The baby is the eleventh of the critically endangered species to begin life at the TORONTO ZOO. As yet, the keepers haven’t been able to get close enough to determine its sex.
“We are very excited with this birth,” said MARIA FRANKE, Curator of Mammals. “Gorillas are under extreme threats in the wild. It’s predicted that the wild population will have an 80% reduction over three generations, and it’s essential that we do everything we can to save this species.”
Over the past 15 years there’ve been many successful births at the TORONTO ZOO – Siberian Tiger cubs, Komodo Dragons, two pandas, several Masai giraffes, a Grevy’s Zebra, a polar bear, gorillas, snow leopards – the list goes on.
To reach the TORONTO Zoo – by car, from downtown, take the 401 Eastbound to Exit 389, Meadowvale Road. Follow the Zoo signs to 361A Old Finch Avenue. Large parking lot. By TTC bus, take the subway (Sheppard Line) to DON MILLS STATION. Bus #85 leaves from here, and will drop you in front of the Zoo entrance about 45 minutes later. Along the way, you’ll pass through suburban Don Mills and Scarborough.
The National Ballet School (NBS) occupies a number of buildings – some historic, some brand new – on Jarvis and Maitland Streets in downtown TORONTO.
Since its founding, NBS has been acclaimed for excellence in the training of dance professionals. Graduates perform in major companies worldwide, and include some of the finest choreographers and artistic directors. The School is associated with the National Ballet of Canada, itself founded in 1951.
<PHOTO – Ballet School audition, Kashmala Fida/CBC>
NBS provides dance training, academic instruction and student housing on its TORONTO campus. Founders – CELIA FRANCA and BETTY OLIPHANT, both now deceased. <PHOTO ABOVE – Betty Oliphant Theatre>
The School opened in a former Quaker Meeting House, <PHOTOS ABOVE> at 111 Maitland Street. It was purchased for the sum of $80,000. The building has been totally renovated, inside and out, and is now the dining hall.
Since the year 2000, the School has expanded by occupying several buildings formerly owned by the Canadian Broadcasting Corporation. <PHOTO ABOVE – the former CBC Radio building>
<PHOTO – the CBC’s former headquarters for Ontario>
Major expansion of the NBS was completed in 2007 at a cost of $100-million.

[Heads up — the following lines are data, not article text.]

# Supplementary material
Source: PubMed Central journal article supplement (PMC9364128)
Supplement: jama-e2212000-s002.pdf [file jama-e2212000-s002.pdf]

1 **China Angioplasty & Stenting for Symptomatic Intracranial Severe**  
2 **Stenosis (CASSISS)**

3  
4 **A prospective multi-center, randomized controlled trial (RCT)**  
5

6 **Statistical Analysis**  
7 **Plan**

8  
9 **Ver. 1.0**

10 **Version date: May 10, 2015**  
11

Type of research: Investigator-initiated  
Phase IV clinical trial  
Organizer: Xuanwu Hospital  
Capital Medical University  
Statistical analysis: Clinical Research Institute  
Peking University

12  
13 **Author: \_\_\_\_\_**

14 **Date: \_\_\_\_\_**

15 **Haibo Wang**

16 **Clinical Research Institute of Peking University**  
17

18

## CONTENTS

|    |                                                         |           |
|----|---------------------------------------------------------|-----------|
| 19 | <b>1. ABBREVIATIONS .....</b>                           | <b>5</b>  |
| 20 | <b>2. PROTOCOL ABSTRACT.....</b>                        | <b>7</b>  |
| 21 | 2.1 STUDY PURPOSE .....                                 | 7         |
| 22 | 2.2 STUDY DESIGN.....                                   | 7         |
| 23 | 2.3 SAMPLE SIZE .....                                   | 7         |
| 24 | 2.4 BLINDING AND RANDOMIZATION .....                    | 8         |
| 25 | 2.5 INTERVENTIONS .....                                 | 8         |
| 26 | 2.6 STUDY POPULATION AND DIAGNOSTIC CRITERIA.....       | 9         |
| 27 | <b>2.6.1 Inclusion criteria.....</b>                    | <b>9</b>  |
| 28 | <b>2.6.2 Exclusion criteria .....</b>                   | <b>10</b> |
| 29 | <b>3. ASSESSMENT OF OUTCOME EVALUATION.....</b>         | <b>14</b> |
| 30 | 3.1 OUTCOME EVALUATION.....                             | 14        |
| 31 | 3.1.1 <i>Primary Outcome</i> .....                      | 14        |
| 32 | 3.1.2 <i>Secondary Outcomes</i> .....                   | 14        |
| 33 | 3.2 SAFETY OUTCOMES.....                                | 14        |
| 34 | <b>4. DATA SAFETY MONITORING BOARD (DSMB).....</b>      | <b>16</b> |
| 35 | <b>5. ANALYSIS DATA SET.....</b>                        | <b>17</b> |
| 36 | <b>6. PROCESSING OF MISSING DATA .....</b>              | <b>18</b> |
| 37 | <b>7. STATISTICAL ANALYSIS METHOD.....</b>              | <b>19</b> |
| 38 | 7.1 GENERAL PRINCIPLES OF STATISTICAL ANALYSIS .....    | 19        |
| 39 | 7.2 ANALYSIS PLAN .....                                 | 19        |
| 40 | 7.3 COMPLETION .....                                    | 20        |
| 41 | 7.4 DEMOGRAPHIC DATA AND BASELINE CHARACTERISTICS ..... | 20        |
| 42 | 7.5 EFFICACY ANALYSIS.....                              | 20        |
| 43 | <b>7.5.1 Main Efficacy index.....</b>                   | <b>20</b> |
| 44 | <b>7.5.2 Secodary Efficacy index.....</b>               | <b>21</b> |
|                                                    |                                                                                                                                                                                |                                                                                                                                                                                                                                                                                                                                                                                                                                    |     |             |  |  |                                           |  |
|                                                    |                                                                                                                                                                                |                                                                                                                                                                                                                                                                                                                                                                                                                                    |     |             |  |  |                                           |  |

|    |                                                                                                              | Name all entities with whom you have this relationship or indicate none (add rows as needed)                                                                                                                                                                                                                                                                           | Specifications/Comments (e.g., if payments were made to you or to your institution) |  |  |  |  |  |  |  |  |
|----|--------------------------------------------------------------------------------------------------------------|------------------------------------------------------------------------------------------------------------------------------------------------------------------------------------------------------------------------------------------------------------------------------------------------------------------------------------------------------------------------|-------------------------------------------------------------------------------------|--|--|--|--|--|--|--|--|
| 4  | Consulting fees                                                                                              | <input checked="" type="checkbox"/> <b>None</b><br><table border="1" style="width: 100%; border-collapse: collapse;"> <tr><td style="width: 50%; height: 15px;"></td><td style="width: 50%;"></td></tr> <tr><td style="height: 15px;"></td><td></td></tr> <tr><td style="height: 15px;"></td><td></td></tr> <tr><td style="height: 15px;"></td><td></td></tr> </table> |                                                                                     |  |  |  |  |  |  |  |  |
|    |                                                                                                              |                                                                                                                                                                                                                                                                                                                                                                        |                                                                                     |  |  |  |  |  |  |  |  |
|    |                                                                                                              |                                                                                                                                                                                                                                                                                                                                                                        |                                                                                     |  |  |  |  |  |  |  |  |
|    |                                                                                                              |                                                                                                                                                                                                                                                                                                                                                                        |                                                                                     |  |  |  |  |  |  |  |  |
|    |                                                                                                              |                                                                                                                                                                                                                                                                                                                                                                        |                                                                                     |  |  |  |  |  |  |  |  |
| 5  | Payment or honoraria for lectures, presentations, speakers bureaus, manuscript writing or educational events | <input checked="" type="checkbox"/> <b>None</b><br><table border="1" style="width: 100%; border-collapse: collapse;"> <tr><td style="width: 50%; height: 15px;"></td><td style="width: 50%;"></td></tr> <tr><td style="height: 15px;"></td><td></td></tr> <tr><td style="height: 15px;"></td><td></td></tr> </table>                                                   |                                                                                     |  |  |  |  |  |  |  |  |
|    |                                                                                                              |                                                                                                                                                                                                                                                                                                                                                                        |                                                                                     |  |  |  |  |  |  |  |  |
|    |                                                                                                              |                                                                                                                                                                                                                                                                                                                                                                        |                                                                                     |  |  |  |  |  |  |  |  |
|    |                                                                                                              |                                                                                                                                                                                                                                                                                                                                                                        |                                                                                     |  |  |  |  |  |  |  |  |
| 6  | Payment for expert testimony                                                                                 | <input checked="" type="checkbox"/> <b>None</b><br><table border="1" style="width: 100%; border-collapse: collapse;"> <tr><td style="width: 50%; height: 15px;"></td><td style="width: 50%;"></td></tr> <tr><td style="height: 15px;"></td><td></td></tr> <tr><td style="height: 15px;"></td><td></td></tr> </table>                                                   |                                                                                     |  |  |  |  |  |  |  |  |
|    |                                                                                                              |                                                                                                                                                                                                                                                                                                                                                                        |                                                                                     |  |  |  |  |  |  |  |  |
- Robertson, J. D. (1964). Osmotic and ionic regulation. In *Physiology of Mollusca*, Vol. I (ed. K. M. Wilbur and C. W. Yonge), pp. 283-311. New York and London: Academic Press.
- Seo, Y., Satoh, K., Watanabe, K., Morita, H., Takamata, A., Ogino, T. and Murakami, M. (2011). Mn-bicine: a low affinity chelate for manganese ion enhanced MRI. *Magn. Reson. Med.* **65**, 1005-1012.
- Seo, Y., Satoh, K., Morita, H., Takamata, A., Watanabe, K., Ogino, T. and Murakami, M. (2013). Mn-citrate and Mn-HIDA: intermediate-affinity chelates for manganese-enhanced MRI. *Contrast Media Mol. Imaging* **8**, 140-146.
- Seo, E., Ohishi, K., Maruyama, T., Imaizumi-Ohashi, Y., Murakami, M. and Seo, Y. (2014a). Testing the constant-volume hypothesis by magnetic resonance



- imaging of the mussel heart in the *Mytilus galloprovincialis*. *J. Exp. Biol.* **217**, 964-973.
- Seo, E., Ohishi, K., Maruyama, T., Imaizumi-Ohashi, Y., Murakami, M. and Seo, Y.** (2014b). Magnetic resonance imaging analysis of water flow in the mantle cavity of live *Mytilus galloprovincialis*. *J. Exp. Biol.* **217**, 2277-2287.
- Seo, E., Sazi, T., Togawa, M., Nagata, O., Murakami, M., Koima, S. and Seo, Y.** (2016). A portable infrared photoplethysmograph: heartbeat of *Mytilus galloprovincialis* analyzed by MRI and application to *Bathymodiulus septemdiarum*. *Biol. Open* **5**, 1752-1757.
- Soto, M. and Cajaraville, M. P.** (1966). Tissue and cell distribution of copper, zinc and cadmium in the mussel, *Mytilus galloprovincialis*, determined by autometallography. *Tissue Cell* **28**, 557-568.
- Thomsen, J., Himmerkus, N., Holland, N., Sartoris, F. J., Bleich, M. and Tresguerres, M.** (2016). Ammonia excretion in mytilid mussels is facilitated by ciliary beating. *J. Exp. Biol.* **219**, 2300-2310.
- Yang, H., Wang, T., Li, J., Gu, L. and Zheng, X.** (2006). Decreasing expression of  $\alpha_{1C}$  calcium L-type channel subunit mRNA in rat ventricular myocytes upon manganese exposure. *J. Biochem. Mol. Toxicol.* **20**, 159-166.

Scott Pilgrim, Captain Canuck, Nelvana, Superman, Johnny Canuck and Capitaine Kebec are just a few of the Canadian comic book heroes you might encounter in the TORONTO Reference Library’s Collections, 789 Yonge Street.
Superman artist JOE SHUSTER is one of many talented Canadians behind comic superheroes, who became internationally famous – and are still doing so.
<“OH BOY!”, editorial cartoon by THEO MOUDAKIS, Toronto Star, June 8/2018>
ONTARIO woke up this morning to a Progressive Conservative majority government, headed by a controversial premier – DOUG FORD. Torontonians have already enjoyed four years of chaos with Doug’s younger brother – former mayor, the late ROB FORD – and now we’re in for another term of Ford-style governing, only on a much grander scale.
OUT OF 124 SEATS in the Legislative Assembly – Progressive Conservatives 76; New Democrats 39; Liberals 7; and the Green Party 1. The New Democrat’s ANDREA HORWATH will head the Opposition. Both the Green Party and the Liberals ‘achieved’ non-party status. Premier KATHLEEN WYNNE saved her seat but will resign as Leader of the Liberal Party,
<The ‘Pink Palace’ (Legislative Assembly) will soon be rockin’>
The University of TORONTO celebrates Pride Month in June with a rainbow flag of 3,000 cranes in HART HOUSE. Handmade from origami paper, the cranes make a proportionate flag measuring 9 feet by 15 feet.
The idea came from LUCY CHUNG, the director of Infrastructure Planning for the Faculty of Arts and Science. It took about two weeks and more than 50 people to fold the cranes and assemble the flag.
<PHOTO – U of T News>
The Spadina (Spa-dee-na) Museum, 285 Spadina (Spa-dye-na) Road, sits atop Davenport Hill. One of several museums operated by the City of TORONTO, the house was built in 1866. Its interior is furnished in styles from the 1860’s to the 1930’s.
Located near Casa Loma and the stables, the surrounding neighborhood contains some of TORONTO’s finest homes. Within easy walking distance – Nordheimer Ravine and its trails, Ardwold Gate, Winston Churchill Park and the St. Clair Reservoir. A short drive or walk away – Forest Hill Village.
PHOTOS ABOVE by Roland Shainidze – http://www.ilovetoronto.com
The Museum is surrounded by immaculate Victorian and Edwardian gardens. The Spadina Museum is open Tuesday to Friday, noon-4 pm; Saturday and Sunday, noon-5 pm. Subway stop: DUPONT, and then walk northwest uphill, or ST. CLAIR subway stop, and then streetcar #512 westbound to Spadina Road, and walk south.
High above Charity Crescent in the suburb of Cathedraltown, came a sculpture called ‘Charity, Perpetuation of Perfection’. “The last thing that would cross my mind would be to raise a life-sized cow with chrome-like finish two storeys in the air and consider that proper,” said local resident Danny Dasilva. “I hate it.”
Donated by well-meaning developer HELEN ROMAN-BARBER, the statue honoured a prize-winning show cow that died in 1988. It was put there with the approval of city councillor ALAN HO – who faced the wrath of the populace. Anyway, Charity has hit the road. She’s on her way back to Ms. Roman-Barber. Who says the suburbs are dull?
This walkable neighbourhood contains one of North America’s largest collections of Victorian-era housing, two of our city’s oldest cemeteries, an animal farm, parks and gardens.
CABBAGETOWN is reachable by the eastbound #506 BUS (streetcars are temporarily off-line) from COLLEGE subway station to Parliament Street. Then walk east.